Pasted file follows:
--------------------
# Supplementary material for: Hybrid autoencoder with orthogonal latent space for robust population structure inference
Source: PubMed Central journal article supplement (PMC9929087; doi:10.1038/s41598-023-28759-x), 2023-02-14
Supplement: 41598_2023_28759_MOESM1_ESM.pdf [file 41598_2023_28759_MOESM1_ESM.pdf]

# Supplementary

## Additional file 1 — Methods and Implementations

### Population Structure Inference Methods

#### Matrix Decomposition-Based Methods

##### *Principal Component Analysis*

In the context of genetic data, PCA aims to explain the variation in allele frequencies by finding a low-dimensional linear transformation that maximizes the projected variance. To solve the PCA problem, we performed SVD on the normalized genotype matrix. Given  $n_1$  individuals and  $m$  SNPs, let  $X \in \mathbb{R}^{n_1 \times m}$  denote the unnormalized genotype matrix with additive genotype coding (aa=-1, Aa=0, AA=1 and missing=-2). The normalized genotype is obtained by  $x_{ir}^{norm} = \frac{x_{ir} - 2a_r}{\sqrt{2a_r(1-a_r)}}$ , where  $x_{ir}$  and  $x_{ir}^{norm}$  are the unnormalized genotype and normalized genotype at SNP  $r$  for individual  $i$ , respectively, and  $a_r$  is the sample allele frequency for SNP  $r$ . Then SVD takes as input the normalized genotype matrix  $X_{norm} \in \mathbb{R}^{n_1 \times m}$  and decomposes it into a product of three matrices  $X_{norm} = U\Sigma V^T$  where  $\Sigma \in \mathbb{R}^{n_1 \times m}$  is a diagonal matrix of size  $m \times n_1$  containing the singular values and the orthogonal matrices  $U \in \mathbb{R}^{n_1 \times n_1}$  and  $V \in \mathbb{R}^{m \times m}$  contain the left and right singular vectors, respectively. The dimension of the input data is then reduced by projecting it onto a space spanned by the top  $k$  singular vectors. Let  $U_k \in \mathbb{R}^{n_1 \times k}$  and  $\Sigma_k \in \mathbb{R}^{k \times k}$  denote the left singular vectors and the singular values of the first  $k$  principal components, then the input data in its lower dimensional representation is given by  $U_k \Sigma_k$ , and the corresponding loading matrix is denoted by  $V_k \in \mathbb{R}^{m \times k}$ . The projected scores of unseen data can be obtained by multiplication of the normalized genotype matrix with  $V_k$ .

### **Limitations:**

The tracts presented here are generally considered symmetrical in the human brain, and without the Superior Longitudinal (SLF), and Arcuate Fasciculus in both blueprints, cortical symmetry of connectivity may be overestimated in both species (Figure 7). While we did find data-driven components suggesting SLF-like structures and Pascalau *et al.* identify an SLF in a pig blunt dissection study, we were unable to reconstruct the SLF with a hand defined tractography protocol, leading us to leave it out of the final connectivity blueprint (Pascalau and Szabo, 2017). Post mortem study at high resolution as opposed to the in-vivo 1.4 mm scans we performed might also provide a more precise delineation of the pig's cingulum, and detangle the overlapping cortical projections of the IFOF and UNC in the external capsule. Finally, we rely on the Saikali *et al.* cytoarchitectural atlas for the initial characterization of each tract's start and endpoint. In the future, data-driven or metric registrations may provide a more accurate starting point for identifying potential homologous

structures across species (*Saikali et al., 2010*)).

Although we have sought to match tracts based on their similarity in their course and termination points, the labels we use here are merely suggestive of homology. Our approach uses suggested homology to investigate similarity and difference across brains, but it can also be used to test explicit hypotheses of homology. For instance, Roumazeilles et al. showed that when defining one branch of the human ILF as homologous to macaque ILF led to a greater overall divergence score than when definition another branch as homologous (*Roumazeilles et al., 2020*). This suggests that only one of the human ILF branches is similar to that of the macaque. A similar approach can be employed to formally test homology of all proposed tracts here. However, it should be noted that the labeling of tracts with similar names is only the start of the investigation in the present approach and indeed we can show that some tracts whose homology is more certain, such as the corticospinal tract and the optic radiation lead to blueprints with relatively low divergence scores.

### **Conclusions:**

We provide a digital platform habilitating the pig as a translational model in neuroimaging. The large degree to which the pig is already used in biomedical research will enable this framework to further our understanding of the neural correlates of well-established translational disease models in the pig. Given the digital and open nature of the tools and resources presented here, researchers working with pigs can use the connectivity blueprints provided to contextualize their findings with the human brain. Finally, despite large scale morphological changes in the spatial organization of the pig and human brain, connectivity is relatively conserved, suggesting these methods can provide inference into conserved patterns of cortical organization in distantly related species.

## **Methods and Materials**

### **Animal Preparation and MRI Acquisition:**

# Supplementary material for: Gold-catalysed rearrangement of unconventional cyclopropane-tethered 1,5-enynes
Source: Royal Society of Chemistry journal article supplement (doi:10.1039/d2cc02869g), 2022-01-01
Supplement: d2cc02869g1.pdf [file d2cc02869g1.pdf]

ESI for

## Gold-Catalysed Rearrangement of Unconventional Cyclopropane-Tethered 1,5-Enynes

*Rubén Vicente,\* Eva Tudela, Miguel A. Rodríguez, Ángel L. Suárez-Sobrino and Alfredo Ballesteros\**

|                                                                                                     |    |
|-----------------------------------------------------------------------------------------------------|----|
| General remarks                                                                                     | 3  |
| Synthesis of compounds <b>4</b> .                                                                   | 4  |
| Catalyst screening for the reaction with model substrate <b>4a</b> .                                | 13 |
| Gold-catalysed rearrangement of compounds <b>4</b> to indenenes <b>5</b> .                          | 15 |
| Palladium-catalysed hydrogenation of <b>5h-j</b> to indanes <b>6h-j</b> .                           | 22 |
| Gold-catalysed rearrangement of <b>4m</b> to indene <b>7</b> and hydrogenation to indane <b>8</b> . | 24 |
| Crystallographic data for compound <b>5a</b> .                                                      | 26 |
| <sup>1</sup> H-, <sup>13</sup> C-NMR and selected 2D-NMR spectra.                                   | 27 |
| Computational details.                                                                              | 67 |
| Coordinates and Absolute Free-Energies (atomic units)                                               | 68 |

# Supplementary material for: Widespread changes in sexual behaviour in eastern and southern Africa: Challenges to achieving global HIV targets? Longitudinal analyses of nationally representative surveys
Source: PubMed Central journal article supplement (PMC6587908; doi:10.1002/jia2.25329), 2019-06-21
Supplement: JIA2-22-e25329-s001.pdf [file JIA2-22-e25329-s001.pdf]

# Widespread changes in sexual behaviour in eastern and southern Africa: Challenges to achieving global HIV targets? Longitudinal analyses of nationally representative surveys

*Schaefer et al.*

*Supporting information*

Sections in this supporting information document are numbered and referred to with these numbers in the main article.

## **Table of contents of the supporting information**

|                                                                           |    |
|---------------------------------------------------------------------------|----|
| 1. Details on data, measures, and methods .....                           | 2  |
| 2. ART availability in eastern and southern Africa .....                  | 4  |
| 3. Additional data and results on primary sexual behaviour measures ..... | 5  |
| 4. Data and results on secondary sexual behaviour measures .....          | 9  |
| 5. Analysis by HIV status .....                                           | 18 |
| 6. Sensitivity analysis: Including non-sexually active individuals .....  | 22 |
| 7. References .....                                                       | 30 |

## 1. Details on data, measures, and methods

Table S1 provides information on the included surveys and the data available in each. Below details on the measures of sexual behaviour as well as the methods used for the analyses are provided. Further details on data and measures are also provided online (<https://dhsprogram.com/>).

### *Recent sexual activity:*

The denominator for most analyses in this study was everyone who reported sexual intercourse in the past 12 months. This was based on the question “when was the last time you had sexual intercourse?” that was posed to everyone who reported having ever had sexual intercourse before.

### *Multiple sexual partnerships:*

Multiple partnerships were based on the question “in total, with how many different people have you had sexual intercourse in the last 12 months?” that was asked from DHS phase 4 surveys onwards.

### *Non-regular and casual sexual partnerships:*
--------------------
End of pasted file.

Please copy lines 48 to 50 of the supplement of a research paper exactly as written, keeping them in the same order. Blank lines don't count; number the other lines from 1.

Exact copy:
| 3. Additional data and results on primary sexual behaviour measures ..... | 5  |
| 4. Data and results on secondary sexual behaviour measures .....          | 9  |
| 5. Analysis by HIV status .....                                           | 18 |